Pundits hail 'new Shane Warne' as leggie Lloyd Pope sets U-19 record

Updated 24 January 2018

Pundits hail 'new Shane Warne' as leggie Lloyd Pope sets U-19 record

WELLINGTON: Australian Lloyd Pope's record-breaking eight-wicket spell at the U-19 World Cup on Tuesday has left the leg-spinner "on top of the world", as the feat sparks comparisons to the legendary Shane Warne.
Pope took eight for 35 against England to spin Australia into the semifinals and set a new benchmark at the youth tournament, which is currently under way in New Zealand.
"I always love playing for my country whether I'm taking wickets or not, so going out there and doing it with some really good mates is an awesome experience," a beaming Pope told reporters.
"I was on top of the world really today. I mean to win a quarterfinal is awesome," he added.
The 18-year-old came into the attack with England cruising at 47 without loss as they chased Australia's modest total of 127.
But, just as Warne did on numerous occasions, Pope soaked up the pressure and bamboozled England's batsmen to have them all out for 96.
"I've always loved to bowl wrong'uns from an early age," Pope said when asked about his lethal googly.
"It's a big part of my game and I love bowling variations and just working on new things in the nets."

Aussie media, still smarting from the senior team's ODI series loss to England, seized upon the red-headed tyro's heroics in Queenstown.
"The new Shane Warne has arrived," Pope's home-town paper the Adelaide Advertiser trumpeted on its website.
Cricket Australia's website cricket.com.au likened his impact to Warne's in the 1999 World Cup, when he took four for 29 against South Africa.
Even the game's governing body, the ICC, could not resist the comparison, saying: "This could justifiably be called a Warne-esque spell.
"This has a claim to being Australia's most explosive scene-bursting moment since Shane lobbed one up to Mike Gatting in 1993," it added.
Warne, the so-called "sheikh of tweak", remains among Test cricket's greatest wicket-takers, with 708 scalps over a stellar 15-year career.
His gravity-defying delivery to Gatting announced his arrival on the world stage and has been called "the ball of the century."
Warne himself was effusive about Pope's performance.
"This is terrific & brings a huge smile to my face. I had the pleasure of meeting this impressive young man in Adelaide a while ago," he tweeted.
"Was nice to have a bowl with him too — Lloyd give it a rip — well done & congrats! Spin to win my friend."

Five memorable India vs, Pakistan clashes

Updated 18 September 2018

Five memorable India vs, Pakistan clashes

  • Arch-rivals to meet in Dubai on Wednesday.
  • Cricket's biggest rivalry is one of the biggest in sport.

LONDON: Sparks generally fly when India take on Pakistan at cricket, and Wednesday’s Asia Cup clash in Dubai will be an emotionally charged fixture as always.

Here are five of the most memorable clashes between the two cricketing powerhouses.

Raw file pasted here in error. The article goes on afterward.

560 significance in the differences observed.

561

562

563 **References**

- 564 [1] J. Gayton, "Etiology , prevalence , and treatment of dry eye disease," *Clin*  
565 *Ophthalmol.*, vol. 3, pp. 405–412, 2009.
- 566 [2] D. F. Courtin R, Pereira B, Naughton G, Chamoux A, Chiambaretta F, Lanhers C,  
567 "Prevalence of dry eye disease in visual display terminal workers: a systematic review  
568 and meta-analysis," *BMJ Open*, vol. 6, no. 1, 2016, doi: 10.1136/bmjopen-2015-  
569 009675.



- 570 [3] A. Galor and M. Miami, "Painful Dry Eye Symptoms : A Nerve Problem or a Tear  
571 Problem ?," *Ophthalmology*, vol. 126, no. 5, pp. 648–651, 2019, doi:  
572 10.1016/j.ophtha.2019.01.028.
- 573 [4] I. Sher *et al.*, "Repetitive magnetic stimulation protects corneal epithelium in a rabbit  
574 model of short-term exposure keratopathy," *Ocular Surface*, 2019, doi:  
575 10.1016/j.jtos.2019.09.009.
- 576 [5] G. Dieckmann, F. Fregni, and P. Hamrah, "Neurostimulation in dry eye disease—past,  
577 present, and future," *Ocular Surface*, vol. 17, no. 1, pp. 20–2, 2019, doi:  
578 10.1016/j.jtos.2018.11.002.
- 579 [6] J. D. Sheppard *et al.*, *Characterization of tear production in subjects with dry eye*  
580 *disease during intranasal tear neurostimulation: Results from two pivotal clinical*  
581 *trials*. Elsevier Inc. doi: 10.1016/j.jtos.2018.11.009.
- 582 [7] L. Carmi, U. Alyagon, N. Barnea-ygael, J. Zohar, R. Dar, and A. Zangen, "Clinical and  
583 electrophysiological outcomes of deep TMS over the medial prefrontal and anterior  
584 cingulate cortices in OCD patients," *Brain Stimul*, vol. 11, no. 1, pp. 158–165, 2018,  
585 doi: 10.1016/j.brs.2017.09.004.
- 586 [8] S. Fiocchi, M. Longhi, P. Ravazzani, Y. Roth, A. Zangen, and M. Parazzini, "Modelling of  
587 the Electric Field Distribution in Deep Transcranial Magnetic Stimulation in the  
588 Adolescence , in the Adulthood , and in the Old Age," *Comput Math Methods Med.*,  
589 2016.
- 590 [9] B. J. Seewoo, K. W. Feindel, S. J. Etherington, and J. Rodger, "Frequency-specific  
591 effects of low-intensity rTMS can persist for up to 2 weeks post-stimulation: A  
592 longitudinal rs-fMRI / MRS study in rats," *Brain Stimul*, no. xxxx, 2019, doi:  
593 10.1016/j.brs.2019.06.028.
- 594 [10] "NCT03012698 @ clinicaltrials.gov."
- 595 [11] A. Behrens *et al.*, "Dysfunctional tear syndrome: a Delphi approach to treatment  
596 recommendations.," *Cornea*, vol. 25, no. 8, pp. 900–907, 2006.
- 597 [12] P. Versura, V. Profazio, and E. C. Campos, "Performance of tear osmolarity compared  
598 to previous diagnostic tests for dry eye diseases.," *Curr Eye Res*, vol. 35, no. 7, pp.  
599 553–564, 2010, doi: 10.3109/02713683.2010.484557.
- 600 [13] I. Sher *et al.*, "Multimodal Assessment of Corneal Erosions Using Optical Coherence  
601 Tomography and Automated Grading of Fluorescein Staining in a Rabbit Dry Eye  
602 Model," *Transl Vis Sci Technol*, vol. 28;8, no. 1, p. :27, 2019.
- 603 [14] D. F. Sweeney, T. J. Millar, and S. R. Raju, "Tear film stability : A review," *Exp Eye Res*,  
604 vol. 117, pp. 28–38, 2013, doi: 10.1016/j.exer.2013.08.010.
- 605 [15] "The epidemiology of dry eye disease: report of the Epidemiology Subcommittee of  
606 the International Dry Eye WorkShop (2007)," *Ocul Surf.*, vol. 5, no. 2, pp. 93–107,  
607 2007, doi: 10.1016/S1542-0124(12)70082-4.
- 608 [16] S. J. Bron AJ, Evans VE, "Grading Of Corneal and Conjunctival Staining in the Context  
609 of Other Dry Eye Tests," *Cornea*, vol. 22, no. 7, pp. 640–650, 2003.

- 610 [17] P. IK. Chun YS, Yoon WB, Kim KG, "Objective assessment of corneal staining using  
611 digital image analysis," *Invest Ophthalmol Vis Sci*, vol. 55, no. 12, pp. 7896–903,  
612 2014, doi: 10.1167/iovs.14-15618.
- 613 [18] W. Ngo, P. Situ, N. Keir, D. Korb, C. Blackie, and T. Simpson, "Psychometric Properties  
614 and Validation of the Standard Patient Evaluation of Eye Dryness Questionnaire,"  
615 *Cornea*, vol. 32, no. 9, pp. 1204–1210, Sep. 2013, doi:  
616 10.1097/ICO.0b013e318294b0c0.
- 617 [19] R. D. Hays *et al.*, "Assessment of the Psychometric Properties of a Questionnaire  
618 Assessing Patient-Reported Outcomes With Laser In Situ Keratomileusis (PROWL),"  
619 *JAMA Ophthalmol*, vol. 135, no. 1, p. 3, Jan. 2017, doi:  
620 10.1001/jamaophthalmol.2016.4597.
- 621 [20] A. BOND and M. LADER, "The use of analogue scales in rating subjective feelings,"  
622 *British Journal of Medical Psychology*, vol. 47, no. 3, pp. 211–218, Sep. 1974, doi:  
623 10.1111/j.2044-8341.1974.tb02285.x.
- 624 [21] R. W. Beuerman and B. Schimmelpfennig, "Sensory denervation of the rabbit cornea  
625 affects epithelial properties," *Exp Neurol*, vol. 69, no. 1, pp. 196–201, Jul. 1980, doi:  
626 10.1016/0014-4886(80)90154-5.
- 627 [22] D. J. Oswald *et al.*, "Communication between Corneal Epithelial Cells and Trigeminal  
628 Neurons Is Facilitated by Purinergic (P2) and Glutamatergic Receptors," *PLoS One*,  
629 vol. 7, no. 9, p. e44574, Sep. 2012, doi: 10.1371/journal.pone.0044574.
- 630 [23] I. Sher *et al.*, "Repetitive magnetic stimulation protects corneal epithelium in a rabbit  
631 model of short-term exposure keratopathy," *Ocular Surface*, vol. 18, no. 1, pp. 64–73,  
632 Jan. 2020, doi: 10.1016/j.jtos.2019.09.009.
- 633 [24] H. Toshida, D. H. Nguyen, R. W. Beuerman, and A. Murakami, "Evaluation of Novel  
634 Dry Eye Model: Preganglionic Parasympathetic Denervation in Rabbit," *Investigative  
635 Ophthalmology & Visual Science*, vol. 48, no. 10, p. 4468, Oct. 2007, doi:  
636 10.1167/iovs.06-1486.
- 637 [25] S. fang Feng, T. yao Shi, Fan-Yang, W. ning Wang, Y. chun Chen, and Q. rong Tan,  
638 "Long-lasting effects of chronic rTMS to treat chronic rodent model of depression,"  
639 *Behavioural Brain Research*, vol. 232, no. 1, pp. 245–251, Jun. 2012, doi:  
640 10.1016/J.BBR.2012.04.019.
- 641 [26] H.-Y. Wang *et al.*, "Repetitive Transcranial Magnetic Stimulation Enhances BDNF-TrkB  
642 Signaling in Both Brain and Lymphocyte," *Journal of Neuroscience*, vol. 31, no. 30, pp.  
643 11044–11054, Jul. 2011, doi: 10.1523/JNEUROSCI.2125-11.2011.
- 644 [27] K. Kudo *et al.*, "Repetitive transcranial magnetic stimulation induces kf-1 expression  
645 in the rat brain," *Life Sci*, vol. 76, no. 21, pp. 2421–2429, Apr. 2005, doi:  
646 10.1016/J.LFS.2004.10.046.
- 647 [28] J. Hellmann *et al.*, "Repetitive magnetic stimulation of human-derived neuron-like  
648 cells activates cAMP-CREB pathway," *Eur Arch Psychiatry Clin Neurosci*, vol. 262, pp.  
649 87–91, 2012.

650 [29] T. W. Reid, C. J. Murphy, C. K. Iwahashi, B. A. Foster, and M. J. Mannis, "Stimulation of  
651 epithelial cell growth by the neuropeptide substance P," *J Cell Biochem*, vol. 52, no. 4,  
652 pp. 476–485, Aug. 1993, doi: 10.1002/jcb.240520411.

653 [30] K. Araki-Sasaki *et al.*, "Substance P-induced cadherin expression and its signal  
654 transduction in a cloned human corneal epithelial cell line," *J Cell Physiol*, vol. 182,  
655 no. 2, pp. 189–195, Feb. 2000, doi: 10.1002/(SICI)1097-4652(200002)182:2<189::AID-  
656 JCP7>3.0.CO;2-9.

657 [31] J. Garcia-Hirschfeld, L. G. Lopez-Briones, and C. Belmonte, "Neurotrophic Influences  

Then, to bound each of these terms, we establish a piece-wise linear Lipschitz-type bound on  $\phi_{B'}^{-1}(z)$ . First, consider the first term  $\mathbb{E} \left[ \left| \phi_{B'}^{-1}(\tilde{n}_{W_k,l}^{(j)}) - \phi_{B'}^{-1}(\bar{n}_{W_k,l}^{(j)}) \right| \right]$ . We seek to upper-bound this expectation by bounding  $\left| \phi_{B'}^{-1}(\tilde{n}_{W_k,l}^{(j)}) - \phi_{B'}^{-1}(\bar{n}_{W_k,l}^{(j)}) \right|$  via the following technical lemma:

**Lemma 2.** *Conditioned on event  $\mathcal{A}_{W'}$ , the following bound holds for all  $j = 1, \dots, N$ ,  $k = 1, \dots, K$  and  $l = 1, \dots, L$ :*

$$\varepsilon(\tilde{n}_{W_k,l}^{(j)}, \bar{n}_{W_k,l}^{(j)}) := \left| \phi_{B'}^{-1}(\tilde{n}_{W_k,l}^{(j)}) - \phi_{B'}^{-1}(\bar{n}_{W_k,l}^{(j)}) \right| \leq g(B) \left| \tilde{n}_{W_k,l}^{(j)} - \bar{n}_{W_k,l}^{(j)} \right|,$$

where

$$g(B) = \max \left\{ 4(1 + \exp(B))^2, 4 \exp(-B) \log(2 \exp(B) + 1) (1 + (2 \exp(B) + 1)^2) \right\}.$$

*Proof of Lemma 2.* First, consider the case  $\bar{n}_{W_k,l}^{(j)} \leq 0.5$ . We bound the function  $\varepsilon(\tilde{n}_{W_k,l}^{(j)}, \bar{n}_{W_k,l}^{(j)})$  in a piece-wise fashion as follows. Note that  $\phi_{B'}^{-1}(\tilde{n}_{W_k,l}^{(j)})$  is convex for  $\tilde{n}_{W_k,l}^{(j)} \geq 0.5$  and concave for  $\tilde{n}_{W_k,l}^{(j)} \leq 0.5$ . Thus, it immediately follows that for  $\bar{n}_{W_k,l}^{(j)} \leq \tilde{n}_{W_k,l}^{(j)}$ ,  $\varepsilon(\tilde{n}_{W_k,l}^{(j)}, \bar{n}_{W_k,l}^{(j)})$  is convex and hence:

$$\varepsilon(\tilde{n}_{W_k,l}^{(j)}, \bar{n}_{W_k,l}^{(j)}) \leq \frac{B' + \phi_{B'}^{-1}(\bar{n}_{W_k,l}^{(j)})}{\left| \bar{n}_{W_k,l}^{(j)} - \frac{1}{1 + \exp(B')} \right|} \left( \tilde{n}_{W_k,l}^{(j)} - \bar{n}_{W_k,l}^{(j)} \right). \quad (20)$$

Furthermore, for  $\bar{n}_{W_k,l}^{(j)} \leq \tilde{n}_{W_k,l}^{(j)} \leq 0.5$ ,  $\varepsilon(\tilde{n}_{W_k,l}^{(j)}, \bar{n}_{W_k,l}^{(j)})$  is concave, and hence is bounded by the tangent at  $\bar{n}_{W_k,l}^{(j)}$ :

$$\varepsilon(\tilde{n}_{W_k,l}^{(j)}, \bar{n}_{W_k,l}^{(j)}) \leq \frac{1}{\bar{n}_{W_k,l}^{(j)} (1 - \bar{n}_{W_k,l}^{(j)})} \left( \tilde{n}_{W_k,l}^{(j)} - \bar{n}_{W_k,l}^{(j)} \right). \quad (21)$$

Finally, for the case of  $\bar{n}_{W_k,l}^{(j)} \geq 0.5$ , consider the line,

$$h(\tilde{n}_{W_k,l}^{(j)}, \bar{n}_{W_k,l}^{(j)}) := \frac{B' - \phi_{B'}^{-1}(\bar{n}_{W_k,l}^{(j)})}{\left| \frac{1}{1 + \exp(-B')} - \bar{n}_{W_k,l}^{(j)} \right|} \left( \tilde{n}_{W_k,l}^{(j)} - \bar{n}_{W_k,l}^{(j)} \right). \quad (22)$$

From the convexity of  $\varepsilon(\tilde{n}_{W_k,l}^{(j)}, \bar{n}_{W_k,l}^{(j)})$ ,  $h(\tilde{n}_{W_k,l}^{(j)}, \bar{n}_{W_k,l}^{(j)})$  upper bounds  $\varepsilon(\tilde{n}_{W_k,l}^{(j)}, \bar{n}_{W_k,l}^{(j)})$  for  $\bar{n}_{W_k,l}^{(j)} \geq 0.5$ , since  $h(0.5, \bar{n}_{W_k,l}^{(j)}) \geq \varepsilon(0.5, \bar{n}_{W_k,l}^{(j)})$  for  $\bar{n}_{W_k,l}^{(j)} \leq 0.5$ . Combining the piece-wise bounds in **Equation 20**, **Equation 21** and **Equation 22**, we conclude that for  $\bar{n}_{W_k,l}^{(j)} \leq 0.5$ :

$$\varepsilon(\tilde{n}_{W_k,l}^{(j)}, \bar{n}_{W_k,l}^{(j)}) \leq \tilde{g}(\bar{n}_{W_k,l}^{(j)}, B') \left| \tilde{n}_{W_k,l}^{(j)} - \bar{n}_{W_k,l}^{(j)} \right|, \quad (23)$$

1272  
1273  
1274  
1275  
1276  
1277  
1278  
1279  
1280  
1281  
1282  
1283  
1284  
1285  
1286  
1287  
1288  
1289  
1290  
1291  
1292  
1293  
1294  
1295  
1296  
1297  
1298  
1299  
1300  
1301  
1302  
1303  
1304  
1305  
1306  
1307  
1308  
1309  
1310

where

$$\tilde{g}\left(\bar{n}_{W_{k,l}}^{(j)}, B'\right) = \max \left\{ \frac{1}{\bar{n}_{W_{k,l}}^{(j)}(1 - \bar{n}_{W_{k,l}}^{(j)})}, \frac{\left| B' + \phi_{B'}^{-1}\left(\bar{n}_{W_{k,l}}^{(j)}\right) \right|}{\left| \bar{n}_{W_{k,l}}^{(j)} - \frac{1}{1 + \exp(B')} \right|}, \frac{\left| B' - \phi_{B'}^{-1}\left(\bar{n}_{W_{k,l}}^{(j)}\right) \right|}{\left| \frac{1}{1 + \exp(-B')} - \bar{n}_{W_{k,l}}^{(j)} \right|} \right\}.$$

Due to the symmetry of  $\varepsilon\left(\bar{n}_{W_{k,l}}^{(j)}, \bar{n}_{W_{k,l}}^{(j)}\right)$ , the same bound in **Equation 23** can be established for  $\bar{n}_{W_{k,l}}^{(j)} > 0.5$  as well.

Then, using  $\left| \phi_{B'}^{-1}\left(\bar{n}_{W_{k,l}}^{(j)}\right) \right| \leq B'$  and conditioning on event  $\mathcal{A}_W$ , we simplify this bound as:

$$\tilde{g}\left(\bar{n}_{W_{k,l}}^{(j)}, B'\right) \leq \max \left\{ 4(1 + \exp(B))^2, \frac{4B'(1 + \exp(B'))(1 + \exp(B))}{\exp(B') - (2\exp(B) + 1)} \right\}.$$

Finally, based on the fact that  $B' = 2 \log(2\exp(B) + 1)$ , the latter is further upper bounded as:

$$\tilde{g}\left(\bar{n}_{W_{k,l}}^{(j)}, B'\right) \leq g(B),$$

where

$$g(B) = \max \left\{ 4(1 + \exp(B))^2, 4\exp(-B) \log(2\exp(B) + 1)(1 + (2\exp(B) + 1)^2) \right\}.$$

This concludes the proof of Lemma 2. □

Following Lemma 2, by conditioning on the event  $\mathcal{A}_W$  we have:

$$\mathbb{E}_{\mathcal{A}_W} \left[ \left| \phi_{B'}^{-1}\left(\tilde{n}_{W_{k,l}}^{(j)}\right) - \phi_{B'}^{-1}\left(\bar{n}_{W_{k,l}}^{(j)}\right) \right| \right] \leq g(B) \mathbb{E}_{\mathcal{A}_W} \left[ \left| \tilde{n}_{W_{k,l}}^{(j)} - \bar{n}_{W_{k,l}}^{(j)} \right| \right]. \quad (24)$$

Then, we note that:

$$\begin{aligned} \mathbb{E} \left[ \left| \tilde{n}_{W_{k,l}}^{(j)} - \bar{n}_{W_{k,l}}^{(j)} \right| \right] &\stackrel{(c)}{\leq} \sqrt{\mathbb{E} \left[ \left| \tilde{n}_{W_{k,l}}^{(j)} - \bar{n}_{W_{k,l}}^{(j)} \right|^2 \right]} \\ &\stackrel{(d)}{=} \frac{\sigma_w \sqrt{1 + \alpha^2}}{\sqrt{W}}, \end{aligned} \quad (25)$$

On the same day the teams were playing a one-day match at Sialkot in Pakistan on Oct. 31, 1984, the Indian prime minister Indira Gandhi was assassinated by two of her bodyguards in New Delhi.
Dilip Vengsarkar and Ravi Shastri were piling on runs for India when the news came. Pakistan’s president Zia ul Haq ordered the match stopped, and India’s captain Sunil Gavaskar wanted the same.
“Obviously, we weren’t in any frame of mind to carry on and, sure enough, the ODI had to be abandoned,” Vengsarkar told India’s Telegraph later.
“Thirty years have gone by, but it’s a day one can’t forget,” he said.


Imran Khan’s best bowling figures of six for 14 were in a one-day international against India March 22, 1985, but for the swashbuckling Pakistan fast bowler it was all in vain.
Khan ripped apart the Indian batting line-up in Sharjah in the UAE to send the opposition packing for 125. But Pakistan’s own batting imploded, skittled for just 87.
Khan — now Pakistani prime minister — was still man of the match, however.


The match that will always evoke the bitterest memories for India, and the sweetest ones for Pakistan, was on April 18, 1986, again an ODI in Sharjah.
With Pakistan needing four off the last ball to win, India’s Chetan Sharma ran in and bowled a full toss — which Javed Miandad swatted for six.
Miandad, who was presented with a golden sword, became a national hero, while Sharma faced barbs and insults on his return home.


A century from Sachin Tendulkar, India’s most celebrated batsman, was usually a recipe for success in the 1990s and 2000s but not in the 1999 Test match against Pakistan in Chennai.
Chasing 271 for victory, Tendulkar brought India close with a sparkling 136, but Pakistani off-spinner Saqlain Mushtaq got him out and India eventually lost by 12 runs.
A sporting Indian home crowd gave the Wasim Akram-led side a standing ovation, but Tendulkar was heartbroken.
Weeping in the dressing room, according to then-coach Anshuman Gaekwad, the “little master” refused to come out of the dressing room to receive his man-of-the-match award.


An India-Pakistan final in the inaugural Twenty20 World Cup and a sell-out crowd in Johannesburg, South Africa in 2007 was a perfect setting for cricket’s newest format.
Pakistan’s Misbah ul-Haq was on the cusp of taking his team to a memorable win with his gritty batting in a chase of 158.
But then came a moment of madness as Misbah tried to play an audacious paddle shot to seal victory against paceman Joginder Sharma in the final over.
The ball went high into the waiting hands of Shanthakumaran Sreesanth. Mahendra Singh Dhoni’s India celebrated like never before as Misbah missed a chance of a lifetime.